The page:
Recent editorials from Tennessee newspapers:
Cookeville Herald-Citizen on the sale of a Tennessee fairgrounds property:
When Putnam County officials first began talking seriously about selling the county fairgrounds property, we — like others in the community — had some concerns.
Not that we oppose the sale. On the contrary, we have believed for many years that the location of the fairgrounds in a heavily-traveled, mostly commercial corridor right in the middle of Cookeville was less than ideal, and we fully support the decision to relocate to a more rural setting.
But that didn’t mean we could support just anyone with deep pockets swooping in to purchase the property, regardless of what plan — or lack of plan — they had for its future development.
Offering the property for sale to the highest bidder could have potentially led to someone purchasing and holding the property as an investment, without any concrete idea of what could or should be put in that location.
We believe the private sale that commissioners approved this week allows the county to negotiate the highest possible sale price, while also working to ensure that the proposed usage is in line with what this community needs.
We are encouraged that our county attorney consulted with the state comptroller’s office to ensure that such a deal is not only viable, but legal and ethical.
Certainly it’s not hard to envision how ethics could be subverted in a situation like this. To recall the storied “smoke-filled rooms” of old where unsavory deals were struck to the benefit of “good old boys” and their family and friends.
We have no such worries with this sale.
We implicitly trust County Mayor Randy Porter, who will be the county’s chief negotiator and who has said the public is welcome to look at all of the offers that come to the table.
Even if we didn’t, Porter will not be the person making the final decision. That will be up to the 24 men and women who represent us as county commissioners, and if we’ve learned anything through the years, it’s that those commissioners are pretty good at asking questions.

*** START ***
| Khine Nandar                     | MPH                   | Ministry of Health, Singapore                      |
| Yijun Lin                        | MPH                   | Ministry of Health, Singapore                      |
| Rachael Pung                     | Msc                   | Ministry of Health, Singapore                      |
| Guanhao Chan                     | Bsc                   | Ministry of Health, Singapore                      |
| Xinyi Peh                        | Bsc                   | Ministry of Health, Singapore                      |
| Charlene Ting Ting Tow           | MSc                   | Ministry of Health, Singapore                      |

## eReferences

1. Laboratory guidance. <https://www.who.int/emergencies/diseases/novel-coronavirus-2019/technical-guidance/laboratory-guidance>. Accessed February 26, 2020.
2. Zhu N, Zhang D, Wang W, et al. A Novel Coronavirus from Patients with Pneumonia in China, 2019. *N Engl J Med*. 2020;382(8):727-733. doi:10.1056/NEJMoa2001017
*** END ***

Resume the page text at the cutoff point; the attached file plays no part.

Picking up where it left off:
The question this week was whether a private sale was best for the county, and the commissioners came up with the right answer.
The Crossville Chronicle on ending childhood poverty in Tennessee:
One in five children in Tennessee live in poverty. In Cumberland County, it’s one child in every four children.
For 2021, that means a family of four lives on less than $26,500 a year.
These statistics come from 2018, the most recent data available for the annual Kids Count report on child well-being.
About half of those children fall into what is called “extreme poverty,” with family incomes at 50% of that federal poverty line.
And almost half — 47% — of Tennessee children are considered economically disadvantaged, with family incomes under 200% of the federal poverty level.
One in five children also lived in “food insecure” household, and one in four of those households did not qualify for food assistance programs.
Tennessee’s economy was thriving in 2018. We were on the cusp of historically low unemployment. We saw improvements from years before, with fewer children living in poverty or with food insecurity.
Then, the global pandemic hit.
We don’t yet know the impact of the pandemic on poverty in our state, or how many people have left the workforce due to job loss or childcare issues, but we know many people have been impacted.
The state has a resource specifically for families who are struggling economically, a resource that has gone unused. In late 2019, we learned the state had amassed a $740 million surplus in federal funds in its Temporary Assistance for Needy Families program.